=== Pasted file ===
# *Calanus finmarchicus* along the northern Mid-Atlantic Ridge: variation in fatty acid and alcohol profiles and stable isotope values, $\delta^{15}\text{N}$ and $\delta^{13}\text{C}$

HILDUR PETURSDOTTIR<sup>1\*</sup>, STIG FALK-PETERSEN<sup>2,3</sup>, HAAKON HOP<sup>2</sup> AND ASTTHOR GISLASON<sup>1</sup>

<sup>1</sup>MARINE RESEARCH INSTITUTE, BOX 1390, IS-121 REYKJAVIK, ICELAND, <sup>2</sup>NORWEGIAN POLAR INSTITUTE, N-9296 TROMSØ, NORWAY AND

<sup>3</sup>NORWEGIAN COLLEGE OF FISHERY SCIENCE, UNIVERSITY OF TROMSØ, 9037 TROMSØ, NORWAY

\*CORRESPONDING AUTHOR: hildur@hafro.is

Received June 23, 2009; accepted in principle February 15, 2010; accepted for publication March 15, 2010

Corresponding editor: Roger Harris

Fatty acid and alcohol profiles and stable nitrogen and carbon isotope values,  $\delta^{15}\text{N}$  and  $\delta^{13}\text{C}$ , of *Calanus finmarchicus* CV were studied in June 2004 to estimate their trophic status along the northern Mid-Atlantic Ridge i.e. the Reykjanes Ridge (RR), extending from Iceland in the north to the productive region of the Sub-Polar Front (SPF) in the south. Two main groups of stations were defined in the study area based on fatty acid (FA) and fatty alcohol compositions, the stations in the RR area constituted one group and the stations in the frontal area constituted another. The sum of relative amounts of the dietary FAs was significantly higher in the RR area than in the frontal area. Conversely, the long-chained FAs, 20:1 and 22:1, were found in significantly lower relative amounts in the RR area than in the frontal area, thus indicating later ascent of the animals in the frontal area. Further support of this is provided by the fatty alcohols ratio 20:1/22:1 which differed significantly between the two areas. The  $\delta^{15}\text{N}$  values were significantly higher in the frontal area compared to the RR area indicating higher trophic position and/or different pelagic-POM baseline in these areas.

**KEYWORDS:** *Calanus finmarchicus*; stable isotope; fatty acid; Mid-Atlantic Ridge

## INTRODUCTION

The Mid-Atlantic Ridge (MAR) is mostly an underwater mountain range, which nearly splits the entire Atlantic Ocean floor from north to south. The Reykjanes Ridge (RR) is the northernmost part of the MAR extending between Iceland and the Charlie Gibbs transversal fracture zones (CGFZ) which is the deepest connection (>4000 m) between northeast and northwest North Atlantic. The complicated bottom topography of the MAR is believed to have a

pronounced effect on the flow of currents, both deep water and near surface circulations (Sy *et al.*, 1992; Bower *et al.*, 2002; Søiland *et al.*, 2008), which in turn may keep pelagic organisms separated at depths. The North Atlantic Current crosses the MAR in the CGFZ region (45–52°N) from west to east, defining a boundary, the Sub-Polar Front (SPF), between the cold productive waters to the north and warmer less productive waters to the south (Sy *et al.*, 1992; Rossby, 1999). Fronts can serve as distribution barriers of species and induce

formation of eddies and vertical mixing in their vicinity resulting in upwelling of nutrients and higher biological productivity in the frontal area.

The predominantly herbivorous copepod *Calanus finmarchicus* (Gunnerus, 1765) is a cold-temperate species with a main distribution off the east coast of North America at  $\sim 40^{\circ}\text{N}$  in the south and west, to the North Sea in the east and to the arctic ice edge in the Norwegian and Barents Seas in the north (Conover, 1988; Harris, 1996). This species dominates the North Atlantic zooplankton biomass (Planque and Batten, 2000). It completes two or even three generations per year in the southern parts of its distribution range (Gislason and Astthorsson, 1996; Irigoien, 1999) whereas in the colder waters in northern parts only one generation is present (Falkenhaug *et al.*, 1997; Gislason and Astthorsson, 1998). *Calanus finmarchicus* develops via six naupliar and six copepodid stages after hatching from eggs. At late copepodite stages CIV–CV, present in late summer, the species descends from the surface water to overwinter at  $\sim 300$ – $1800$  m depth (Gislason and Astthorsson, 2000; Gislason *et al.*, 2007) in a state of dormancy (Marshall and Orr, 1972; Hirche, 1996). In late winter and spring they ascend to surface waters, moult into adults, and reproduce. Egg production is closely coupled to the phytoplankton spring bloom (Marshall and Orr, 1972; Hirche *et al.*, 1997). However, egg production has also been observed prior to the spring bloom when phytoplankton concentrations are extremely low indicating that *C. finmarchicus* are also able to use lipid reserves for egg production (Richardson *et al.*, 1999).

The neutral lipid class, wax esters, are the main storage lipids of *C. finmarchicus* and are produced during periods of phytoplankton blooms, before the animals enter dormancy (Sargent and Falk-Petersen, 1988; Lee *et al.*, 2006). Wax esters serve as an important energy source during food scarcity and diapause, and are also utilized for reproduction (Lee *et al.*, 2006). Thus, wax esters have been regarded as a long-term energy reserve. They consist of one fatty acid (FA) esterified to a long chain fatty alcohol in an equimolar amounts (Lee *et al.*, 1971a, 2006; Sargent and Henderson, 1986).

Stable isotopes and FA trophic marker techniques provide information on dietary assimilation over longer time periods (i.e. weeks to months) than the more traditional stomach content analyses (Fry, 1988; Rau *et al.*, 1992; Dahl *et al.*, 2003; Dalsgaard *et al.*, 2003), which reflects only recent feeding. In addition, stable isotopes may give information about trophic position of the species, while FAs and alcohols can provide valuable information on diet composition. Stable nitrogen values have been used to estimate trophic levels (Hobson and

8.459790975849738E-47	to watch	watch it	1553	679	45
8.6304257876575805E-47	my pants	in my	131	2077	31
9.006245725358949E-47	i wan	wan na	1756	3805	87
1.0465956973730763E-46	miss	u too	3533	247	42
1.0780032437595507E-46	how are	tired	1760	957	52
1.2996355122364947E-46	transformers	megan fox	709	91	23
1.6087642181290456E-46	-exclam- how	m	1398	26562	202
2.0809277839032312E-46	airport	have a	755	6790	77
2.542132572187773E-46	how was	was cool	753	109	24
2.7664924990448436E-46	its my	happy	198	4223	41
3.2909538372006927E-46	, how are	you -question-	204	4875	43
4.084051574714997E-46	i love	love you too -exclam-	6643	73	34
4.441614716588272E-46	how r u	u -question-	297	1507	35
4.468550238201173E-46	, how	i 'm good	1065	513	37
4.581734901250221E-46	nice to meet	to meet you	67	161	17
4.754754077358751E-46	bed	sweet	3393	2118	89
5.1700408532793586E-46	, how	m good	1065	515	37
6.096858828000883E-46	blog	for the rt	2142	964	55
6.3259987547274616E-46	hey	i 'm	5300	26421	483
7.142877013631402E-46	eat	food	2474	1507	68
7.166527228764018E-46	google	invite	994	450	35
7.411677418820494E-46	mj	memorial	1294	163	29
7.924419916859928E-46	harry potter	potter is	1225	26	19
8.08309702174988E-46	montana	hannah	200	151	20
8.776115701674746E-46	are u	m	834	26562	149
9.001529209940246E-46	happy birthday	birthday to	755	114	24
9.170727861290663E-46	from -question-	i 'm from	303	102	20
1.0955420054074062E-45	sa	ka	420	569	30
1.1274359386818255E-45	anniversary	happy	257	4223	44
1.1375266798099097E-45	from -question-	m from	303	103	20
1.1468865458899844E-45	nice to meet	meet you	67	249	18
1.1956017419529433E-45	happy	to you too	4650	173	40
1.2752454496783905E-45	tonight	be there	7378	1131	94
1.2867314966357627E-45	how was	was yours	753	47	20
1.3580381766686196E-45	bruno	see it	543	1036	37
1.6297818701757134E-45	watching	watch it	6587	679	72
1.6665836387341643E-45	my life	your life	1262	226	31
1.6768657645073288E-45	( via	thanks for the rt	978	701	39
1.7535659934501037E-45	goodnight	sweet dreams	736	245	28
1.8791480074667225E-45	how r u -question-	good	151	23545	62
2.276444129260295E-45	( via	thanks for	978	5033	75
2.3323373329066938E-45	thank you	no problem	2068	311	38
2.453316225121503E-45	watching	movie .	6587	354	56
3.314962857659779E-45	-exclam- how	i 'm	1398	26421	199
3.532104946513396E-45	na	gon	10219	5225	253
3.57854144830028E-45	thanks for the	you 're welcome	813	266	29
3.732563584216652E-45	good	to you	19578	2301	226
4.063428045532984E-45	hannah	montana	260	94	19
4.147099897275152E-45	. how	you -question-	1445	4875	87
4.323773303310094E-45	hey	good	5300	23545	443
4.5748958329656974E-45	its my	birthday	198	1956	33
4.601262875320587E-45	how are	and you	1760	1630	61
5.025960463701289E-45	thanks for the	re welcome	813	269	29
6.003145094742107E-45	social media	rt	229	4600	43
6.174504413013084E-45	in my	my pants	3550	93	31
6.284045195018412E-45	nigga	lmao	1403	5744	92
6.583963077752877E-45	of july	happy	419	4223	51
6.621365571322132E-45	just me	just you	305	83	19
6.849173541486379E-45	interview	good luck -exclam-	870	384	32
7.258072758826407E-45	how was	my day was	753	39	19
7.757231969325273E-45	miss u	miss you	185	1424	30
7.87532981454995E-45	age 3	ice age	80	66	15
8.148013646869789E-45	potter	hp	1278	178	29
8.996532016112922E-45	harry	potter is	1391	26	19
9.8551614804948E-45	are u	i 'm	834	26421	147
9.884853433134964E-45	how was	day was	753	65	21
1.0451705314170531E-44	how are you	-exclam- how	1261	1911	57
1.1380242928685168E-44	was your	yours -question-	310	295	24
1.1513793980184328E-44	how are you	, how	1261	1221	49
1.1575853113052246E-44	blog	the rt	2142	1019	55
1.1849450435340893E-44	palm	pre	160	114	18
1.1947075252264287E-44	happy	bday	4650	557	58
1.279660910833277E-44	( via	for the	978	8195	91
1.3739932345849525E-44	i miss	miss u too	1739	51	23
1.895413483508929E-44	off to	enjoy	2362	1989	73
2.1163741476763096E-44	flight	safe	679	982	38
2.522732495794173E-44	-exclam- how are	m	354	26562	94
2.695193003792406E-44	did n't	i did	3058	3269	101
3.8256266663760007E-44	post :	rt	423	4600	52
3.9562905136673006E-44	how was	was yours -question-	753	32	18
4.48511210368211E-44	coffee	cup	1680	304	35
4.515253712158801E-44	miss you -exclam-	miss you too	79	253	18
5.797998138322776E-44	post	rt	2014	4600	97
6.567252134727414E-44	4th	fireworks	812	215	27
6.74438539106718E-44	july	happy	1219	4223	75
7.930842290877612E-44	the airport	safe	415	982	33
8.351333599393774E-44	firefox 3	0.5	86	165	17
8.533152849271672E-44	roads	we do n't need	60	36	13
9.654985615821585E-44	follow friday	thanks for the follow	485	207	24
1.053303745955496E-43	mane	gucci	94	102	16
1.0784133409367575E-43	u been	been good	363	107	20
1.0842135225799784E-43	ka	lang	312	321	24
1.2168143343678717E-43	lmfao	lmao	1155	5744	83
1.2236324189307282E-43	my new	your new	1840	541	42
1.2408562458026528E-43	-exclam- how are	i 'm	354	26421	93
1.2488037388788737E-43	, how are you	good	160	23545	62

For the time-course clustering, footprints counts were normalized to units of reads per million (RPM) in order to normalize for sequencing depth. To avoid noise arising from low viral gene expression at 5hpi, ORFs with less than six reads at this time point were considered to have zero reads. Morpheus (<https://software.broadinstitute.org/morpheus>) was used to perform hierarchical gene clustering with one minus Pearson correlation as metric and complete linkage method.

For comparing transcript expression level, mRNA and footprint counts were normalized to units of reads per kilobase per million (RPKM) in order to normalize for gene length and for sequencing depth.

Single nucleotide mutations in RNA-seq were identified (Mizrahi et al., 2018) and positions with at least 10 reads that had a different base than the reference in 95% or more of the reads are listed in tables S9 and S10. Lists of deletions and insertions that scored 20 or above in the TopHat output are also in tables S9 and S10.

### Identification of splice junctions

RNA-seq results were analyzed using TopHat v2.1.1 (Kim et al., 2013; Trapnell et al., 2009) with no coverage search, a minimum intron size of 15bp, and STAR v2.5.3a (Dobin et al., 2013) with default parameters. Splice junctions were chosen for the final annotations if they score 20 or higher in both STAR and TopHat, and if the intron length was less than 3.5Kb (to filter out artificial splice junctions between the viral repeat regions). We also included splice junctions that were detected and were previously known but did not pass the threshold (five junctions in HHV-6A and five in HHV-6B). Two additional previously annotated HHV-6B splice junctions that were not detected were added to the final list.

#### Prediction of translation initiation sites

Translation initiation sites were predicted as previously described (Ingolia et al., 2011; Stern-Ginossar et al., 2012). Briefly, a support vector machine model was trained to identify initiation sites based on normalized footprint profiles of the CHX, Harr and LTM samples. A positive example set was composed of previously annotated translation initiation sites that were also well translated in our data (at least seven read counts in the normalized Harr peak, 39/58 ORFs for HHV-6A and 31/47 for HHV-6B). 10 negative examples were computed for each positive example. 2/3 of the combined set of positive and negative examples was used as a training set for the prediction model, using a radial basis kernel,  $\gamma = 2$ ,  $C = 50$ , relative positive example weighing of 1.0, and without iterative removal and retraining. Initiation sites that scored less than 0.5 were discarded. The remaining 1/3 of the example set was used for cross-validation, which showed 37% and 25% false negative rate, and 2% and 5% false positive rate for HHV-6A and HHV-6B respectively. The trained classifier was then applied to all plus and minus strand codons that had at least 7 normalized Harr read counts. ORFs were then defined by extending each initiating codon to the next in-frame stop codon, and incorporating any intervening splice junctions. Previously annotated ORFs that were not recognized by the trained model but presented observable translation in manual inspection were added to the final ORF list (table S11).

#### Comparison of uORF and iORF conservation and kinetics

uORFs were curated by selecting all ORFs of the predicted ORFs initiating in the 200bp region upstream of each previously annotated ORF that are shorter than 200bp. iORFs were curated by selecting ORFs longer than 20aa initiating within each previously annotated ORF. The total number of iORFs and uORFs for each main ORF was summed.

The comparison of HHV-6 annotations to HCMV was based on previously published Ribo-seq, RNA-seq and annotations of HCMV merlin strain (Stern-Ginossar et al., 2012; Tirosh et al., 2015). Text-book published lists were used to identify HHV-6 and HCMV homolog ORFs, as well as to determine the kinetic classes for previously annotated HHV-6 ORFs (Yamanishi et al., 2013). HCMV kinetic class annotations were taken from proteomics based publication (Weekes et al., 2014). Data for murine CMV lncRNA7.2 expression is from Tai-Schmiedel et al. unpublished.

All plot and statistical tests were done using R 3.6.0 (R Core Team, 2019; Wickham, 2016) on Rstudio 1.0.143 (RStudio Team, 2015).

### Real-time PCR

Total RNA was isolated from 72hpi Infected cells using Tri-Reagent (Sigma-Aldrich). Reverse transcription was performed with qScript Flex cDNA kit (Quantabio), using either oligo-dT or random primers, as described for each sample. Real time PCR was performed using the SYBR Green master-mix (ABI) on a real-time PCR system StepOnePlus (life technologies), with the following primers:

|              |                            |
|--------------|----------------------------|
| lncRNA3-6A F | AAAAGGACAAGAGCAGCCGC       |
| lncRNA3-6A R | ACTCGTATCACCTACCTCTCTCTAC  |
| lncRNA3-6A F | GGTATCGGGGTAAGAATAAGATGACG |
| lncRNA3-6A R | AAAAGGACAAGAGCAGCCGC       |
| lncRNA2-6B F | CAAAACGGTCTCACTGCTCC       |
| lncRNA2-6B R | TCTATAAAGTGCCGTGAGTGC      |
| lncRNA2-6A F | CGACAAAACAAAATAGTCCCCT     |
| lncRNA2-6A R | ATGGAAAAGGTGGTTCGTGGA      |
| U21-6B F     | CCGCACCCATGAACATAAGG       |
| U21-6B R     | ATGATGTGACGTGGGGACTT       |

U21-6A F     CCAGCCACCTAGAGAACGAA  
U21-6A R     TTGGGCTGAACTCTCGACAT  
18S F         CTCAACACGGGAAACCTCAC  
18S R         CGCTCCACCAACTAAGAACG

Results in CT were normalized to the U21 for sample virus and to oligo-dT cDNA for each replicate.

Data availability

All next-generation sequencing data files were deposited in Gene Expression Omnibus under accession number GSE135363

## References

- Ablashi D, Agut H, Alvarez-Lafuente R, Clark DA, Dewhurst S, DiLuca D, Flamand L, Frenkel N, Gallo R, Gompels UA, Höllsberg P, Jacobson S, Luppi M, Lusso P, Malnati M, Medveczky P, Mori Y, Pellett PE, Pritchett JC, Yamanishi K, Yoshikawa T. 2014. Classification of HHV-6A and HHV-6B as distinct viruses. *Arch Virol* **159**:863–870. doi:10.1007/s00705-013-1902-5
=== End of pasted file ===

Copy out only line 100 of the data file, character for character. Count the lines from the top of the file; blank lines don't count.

6.567252134727414E-44	4th	fireworks	812	215	27